Is Bleeding After Delivery Harmful?

What is postpartum haemorrhage?

This is severe bleeding after giving birth. It’s a serious and dangerous condition. It usually occurs within 24 hours of childbirth, but it can happen up to 12 weeks postpartum.  PPH is when the total blood loss is greater than 32 fluid ounces after delivery, regardless of whether it’s a vaginal delivery or a Caesarean section, or C-section, or when bleeding is severe enough to cause indications of too much blood loss or a substantial change in heart rate or blood pressure. When the bleeding is caught early and treated speedily, it leads to more successful outcomes.

What are the types of postpartum haemorrhage?

There are two types of PPH. 

1. Primary postpartum haemorrhage: This occurs within the first 24 hours after delivery.

2. Secondary or late postpartum haemorrhage: This occurs 24 hours to 12 weeks postpartum.

Why does postpartum haemorrhage occur?

There are a few explanations why postpartum haemorrhage occurs.

Placenta adheres to the wall of your uterus and provides food and oxygen to your baby during pregnancy. Your uterus continues to contract to deliver the placenta after your baby is delivered. This is known as the third phase of labour. Contractions also help to squeeze the blood vessels where the placenta was attached to your uterine wall. Occasionally, these contractions aren’t strong enough to stop the bleeding. This is the cause of the maximum number of post partum haemorrhages.

PPH can also happen if parts of the placenta stay attached to your uterine wall or if parts of your reproductive organs are damaged during delivery. You’re at a bigger risk for PPH if you have a blood clotting disorder or certain health conditions.

What are the four most common causes of postpartum haemorrhage?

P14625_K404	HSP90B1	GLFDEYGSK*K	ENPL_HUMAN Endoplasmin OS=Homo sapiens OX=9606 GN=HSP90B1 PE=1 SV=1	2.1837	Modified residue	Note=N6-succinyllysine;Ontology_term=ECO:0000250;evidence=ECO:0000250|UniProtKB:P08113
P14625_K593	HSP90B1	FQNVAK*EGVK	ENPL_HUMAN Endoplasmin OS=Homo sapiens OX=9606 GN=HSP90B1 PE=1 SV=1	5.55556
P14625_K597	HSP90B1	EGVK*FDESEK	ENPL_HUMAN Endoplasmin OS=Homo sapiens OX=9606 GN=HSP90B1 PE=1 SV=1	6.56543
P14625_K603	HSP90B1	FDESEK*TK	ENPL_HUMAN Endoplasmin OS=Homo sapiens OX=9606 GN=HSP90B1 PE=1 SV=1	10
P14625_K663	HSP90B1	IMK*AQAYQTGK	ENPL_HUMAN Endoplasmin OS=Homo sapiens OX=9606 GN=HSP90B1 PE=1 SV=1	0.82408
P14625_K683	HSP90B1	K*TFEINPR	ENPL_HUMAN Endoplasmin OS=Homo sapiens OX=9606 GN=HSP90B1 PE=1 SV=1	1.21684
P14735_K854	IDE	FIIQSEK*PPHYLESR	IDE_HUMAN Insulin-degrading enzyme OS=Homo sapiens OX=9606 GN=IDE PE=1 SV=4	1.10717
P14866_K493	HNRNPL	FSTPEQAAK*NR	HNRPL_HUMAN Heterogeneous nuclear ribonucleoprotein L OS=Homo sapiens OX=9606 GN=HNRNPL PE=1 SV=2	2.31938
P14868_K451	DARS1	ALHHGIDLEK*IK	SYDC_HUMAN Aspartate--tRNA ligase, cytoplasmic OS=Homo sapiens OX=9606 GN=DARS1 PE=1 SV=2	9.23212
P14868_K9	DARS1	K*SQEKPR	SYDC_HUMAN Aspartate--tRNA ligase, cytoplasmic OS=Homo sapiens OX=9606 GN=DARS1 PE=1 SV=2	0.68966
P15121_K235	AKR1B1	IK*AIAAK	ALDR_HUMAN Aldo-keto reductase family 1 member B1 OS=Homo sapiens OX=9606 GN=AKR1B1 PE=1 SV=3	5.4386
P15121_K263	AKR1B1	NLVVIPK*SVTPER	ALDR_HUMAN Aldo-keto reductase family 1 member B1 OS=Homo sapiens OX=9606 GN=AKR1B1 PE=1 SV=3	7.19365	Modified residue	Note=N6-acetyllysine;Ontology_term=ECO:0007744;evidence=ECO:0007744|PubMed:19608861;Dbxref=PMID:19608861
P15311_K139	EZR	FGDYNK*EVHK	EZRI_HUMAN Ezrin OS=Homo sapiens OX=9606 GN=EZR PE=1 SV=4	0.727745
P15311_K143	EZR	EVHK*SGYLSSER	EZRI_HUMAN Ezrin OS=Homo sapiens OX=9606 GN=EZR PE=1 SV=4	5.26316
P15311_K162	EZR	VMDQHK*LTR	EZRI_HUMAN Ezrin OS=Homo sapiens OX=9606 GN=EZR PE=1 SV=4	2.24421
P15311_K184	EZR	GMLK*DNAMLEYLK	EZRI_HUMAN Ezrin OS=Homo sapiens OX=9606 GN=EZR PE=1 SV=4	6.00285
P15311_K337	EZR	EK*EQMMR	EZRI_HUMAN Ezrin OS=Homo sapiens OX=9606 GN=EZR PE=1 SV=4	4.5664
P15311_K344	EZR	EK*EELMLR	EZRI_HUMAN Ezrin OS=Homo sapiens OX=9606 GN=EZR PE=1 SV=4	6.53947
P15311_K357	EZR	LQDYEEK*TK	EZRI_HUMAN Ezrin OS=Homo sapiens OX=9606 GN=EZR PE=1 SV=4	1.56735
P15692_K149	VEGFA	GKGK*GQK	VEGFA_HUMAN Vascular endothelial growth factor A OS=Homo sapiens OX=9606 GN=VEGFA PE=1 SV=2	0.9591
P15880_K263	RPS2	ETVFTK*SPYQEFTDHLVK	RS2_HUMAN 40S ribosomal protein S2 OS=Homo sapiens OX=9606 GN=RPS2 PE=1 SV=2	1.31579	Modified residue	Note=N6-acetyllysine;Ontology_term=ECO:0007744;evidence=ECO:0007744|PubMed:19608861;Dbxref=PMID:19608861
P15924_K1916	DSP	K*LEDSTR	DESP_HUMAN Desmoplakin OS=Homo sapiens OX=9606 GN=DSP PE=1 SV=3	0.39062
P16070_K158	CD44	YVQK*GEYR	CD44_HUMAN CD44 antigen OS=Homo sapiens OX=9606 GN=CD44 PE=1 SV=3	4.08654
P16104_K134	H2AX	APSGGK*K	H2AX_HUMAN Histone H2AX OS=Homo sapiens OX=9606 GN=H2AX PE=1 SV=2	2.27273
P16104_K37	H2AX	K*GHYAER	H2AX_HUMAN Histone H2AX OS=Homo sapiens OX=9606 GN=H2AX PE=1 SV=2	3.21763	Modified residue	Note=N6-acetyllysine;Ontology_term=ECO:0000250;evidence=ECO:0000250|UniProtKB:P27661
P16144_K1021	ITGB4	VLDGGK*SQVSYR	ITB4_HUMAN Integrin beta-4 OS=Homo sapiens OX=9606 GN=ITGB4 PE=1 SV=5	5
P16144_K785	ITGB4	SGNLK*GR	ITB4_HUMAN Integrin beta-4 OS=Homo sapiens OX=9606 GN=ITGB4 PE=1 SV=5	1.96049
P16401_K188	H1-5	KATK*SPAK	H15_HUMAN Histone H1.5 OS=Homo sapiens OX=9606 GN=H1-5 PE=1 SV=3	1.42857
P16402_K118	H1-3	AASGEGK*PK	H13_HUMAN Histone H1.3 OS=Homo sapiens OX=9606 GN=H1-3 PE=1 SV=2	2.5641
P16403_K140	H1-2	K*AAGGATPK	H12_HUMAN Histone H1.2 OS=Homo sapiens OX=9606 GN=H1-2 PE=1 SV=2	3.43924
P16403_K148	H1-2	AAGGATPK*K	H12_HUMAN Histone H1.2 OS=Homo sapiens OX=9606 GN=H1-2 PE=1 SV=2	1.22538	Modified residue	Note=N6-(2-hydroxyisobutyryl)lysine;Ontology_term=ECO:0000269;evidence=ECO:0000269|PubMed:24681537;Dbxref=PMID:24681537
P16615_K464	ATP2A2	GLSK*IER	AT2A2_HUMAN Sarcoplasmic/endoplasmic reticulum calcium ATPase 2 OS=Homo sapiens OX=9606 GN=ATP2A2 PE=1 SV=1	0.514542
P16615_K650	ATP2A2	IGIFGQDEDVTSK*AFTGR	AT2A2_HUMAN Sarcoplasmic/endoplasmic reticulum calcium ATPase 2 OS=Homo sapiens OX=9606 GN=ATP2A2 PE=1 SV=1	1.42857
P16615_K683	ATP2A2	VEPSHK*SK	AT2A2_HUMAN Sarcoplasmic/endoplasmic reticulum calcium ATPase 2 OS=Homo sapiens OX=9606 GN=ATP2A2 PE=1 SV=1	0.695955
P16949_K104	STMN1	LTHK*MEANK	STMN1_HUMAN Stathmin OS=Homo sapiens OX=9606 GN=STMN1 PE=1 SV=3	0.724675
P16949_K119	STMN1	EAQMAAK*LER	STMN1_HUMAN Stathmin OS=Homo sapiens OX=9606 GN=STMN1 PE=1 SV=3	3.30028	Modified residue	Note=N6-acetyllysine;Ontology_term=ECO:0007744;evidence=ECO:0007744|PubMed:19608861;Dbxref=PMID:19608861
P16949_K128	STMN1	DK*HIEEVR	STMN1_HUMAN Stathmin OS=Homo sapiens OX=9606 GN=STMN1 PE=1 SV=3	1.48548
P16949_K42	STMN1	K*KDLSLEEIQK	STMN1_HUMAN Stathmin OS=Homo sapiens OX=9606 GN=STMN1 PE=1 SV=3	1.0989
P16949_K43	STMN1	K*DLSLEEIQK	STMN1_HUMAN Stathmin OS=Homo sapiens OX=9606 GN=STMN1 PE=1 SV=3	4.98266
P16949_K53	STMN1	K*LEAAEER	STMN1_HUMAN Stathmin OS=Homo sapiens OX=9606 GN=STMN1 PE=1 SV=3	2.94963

The causes of postpartum haemorrhage are tone, trauma, tissue and thrombin. The most common causes of PPH are:

Uterine atony: This refers to a soft and weak uterus after delivery. When your uterine muscles don’t contract sufficiently to clamp the placental blood vessels close, it leads to a steady loss of blood after delivery and consequently PPH.

Uterine trauma: Injury to your vagina, cervix, uterus or perineum causes bleeding. This can happen due to devices like forceps or vacuum extraction during delivery that can increase your risk of uterine trauma. Occasionally, a hematoma can form in a concealed area and cause bleeding hours or days after delivery.

Retained placental tissue: This is when the complete placenta doesn’t detach from your uterus wall after delivery. It’s generally caused by conditions of the placenta that disturb your uterus’s capability to contract after delivery.

Blood clotting condition: If you have a coagulation disorder or pregnancy condition like eclampsia, it can inhibit your body’s clotting ability. This can make even a minute bleed irrepressible.

How is postpartum haemorrhage diagnosed?

Doctors diagnose postpartum haemorrhage through visual and physical examinations, lab tests and a thorough review of your health history. They may notice postpartum haemorrhage based on the amount of blood you’ve lost. Gauging the volume of collected blood and weighing the blood-soaked pads or sponges from delivery is one common way to estimate blood loss.

Other procedures to diagnose PPH are:

  • Repeated monitoring of your pulse rate and blood pressure to detect problems.
  • Blood tests to measure red blood cells and clotting factors.
  • Ultrasound to get a thorough image of your uterus and other organs.

How do doctors treat postpartum haemorrhage?

They treat PPH as an emergency in most cases. Discontinuing the source of the bleeding as fast as possible and replacing blood volume are the goals of treating postpartum haemorrhage.

Few of the treatments used are:

  • Uterine massage to help the muscles of your uterus contract.
  • Medication to stimulate contractions.
  • Eliminating retained placental tissue from your uterus.
  • Repairing vaginal, cervical and uterine tears or lacerations.
  • Packing your uterus with sterile gauze or tying off the blood vessels.
  • Using a catheter or balloon to help put pressure on your uterine walls.
  • Uterine artery embolization.
  • Blood transfusion.

In rare cases, or when other methods fail, your doctor may perform a laparotomy or a hysterectomy.